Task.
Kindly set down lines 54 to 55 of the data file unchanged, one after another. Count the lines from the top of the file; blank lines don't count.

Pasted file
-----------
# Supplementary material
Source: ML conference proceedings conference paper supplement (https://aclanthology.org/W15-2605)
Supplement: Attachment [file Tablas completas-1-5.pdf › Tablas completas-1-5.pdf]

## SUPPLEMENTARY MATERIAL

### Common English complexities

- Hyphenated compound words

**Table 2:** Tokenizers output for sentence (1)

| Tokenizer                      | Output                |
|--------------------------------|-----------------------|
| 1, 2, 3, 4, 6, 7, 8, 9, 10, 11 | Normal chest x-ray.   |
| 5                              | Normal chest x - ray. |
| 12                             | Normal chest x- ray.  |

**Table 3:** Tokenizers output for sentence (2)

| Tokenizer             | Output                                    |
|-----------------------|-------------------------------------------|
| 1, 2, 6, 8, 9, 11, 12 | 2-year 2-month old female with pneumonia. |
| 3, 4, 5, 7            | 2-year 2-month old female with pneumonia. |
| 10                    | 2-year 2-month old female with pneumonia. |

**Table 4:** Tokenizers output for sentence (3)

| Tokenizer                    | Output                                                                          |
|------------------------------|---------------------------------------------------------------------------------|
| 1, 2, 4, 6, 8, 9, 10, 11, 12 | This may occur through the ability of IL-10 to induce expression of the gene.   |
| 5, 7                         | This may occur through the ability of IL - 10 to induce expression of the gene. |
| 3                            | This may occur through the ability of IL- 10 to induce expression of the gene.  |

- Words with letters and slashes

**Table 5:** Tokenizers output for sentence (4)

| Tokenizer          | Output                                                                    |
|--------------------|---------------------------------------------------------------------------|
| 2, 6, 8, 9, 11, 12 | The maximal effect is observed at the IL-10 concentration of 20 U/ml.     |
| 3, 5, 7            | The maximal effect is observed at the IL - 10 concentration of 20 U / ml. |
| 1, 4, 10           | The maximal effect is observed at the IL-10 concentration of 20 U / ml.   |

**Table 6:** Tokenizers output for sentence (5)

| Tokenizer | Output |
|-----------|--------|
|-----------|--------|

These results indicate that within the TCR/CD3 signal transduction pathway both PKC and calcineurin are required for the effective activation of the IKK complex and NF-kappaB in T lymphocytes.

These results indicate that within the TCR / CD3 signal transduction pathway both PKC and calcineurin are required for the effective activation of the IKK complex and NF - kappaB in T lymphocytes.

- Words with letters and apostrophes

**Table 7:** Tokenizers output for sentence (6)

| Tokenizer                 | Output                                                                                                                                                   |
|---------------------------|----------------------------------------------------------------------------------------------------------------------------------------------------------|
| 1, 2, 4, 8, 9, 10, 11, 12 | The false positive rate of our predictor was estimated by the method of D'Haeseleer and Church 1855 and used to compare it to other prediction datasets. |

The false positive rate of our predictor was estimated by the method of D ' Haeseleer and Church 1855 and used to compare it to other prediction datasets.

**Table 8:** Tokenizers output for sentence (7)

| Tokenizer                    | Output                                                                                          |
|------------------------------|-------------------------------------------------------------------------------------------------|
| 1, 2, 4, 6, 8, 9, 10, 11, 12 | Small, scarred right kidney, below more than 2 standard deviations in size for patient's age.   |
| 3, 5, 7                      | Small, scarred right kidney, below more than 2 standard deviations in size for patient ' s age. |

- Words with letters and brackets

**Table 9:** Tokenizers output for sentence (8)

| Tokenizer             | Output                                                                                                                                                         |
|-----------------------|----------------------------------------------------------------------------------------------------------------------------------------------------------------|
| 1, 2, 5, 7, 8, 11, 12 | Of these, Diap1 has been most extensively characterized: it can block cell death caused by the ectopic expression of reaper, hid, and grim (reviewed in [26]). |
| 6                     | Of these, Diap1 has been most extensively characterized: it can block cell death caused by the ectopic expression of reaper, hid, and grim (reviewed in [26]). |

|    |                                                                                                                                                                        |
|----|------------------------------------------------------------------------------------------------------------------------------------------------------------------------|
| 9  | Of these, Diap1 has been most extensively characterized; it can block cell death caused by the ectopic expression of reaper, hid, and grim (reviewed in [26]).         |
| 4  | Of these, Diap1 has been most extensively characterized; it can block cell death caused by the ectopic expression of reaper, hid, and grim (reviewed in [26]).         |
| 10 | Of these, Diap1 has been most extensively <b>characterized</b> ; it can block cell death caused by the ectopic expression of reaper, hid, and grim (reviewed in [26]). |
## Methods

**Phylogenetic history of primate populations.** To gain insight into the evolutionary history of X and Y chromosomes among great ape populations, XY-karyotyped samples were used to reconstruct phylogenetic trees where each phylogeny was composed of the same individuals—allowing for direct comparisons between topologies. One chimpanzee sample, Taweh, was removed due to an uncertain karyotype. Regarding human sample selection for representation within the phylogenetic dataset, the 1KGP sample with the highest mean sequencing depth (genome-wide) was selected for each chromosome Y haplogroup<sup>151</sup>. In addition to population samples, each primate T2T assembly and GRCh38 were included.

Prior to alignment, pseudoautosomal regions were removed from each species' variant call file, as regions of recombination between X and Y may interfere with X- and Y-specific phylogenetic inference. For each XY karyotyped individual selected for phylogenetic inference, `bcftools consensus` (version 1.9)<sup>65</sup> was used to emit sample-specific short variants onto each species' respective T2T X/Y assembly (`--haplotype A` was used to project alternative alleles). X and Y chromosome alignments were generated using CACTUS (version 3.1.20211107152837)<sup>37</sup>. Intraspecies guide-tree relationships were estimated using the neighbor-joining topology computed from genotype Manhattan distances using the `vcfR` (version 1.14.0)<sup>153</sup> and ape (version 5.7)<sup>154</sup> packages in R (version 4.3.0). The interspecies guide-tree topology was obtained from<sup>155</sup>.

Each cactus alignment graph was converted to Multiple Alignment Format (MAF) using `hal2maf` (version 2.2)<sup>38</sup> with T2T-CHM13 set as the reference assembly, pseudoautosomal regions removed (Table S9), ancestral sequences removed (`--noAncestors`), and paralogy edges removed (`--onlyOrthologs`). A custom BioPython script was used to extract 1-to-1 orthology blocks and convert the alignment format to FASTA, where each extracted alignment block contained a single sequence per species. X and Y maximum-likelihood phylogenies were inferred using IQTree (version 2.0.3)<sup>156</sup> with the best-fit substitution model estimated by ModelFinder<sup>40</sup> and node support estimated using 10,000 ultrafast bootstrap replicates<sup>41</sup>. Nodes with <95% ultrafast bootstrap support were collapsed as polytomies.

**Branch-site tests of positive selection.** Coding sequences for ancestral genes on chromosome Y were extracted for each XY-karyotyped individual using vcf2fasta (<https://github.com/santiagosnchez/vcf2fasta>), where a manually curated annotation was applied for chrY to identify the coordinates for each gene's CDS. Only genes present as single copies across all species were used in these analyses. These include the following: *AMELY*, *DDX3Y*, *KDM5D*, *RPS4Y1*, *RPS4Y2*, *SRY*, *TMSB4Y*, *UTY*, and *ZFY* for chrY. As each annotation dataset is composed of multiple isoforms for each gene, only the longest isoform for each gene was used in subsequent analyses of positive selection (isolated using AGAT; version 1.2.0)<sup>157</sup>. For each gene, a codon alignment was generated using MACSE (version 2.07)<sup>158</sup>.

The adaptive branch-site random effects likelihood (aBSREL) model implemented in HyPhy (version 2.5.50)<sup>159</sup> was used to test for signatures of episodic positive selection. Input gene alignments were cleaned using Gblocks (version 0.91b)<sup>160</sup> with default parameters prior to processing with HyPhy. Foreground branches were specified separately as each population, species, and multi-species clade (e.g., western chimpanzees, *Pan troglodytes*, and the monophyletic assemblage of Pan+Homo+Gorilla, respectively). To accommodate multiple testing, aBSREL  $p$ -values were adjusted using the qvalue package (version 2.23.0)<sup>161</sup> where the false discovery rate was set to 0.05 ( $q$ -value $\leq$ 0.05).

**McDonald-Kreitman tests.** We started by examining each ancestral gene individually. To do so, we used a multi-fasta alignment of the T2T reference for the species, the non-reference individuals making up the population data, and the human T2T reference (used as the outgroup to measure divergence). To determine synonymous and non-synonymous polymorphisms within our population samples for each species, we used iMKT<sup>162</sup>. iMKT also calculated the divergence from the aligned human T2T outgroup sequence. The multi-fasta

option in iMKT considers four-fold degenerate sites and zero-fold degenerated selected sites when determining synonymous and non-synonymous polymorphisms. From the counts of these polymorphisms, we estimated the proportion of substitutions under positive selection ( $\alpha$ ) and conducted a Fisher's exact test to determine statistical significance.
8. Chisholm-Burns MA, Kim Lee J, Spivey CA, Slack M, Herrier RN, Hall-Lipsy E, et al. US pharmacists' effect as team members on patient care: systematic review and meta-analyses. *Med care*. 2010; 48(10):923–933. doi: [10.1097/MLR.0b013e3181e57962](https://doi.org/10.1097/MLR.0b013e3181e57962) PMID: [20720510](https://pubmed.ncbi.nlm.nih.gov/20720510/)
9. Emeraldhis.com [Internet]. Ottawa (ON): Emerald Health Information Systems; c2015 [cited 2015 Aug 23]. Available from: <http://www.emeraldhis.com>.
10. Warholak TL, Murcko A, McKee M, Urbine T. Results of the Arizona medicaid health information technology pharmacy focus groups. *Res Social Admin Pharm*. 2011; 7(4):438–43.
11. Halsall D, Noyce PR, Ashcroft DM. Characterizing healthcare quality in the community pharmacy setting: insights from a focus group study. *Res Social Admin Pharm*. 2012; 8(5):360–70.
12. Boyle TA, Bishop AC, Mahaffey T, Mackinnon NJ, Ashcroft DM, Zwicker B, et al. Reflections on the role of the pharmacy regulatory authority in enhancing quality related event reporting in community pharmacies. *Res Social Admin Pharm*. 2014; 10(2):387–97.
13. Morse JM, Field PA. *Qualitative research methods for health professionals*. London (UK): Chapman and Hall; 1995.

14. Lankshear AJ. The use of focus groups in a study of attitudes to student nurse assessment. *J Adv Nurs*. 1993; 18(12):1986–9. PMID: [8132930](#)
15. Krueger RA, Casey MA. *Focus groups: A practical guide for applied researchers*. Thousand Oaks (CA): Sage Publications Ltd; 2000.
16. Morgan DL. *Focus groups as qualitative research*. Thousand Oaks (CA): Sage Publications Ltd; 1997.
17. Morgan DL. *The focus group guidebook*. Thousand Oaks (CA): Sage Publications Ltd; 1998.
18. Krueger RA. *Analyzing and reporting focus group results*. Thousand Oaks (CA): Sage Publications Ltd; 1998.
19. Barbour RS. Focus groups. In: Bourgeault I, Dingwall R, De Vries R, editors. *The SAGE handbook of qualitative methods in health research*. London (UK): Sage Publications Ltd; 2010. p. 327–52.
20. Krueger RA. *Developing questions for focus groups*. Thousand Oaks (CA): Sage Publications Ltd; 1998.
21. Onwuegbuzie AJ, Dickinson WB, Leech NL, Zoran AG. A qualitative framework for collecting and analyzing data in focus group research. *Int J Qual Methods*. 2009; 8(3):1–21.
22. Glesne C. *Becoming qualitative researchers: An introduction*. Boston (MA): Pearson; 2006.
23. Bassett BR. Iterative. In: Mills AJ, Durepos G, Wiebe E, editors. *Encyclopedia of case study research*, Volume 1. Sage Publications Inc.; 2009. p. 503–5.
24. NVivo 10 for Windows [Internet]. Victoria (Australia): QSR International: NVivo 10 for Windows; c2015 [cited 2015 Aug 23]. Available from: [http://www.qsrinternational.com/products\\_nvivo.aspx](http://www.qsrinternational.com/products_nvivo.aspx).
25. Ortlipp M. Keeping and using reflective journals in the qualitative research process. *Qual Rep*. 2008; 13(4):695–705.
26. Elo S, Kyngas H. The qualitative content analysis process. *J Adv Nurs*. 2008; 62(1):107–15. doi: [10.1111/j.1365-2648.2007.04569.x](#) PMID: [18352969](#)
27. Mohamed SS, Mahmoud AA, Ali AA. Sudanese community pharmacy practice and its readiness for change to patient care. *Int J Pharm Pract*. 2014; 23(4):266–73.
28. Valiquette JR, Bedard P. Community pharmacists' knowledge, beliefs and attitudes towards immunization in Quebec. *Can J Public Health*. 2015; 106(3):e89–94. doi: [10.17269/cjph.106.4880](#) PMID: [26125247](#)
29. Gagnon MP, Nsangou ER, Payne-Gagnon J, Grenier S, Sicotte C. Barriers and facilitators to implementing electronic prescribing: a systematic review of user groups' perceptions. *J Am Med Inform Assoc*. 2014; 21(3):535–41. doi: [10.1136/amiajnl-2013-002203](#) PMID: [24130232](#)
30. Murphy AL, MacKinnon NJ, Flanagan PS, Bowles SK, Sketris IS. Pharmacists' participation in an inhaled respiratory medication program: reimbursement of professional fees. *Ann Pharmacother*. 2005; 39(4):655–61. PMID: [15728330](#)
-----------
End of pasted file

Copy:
| 6                     | Of these, Diap1 has been most extensively characterized: it can block cell death caused by the ectopic expression of reaper, hid, and grim (reviewed in [26]). |

|    |                                                                                                                                                                        |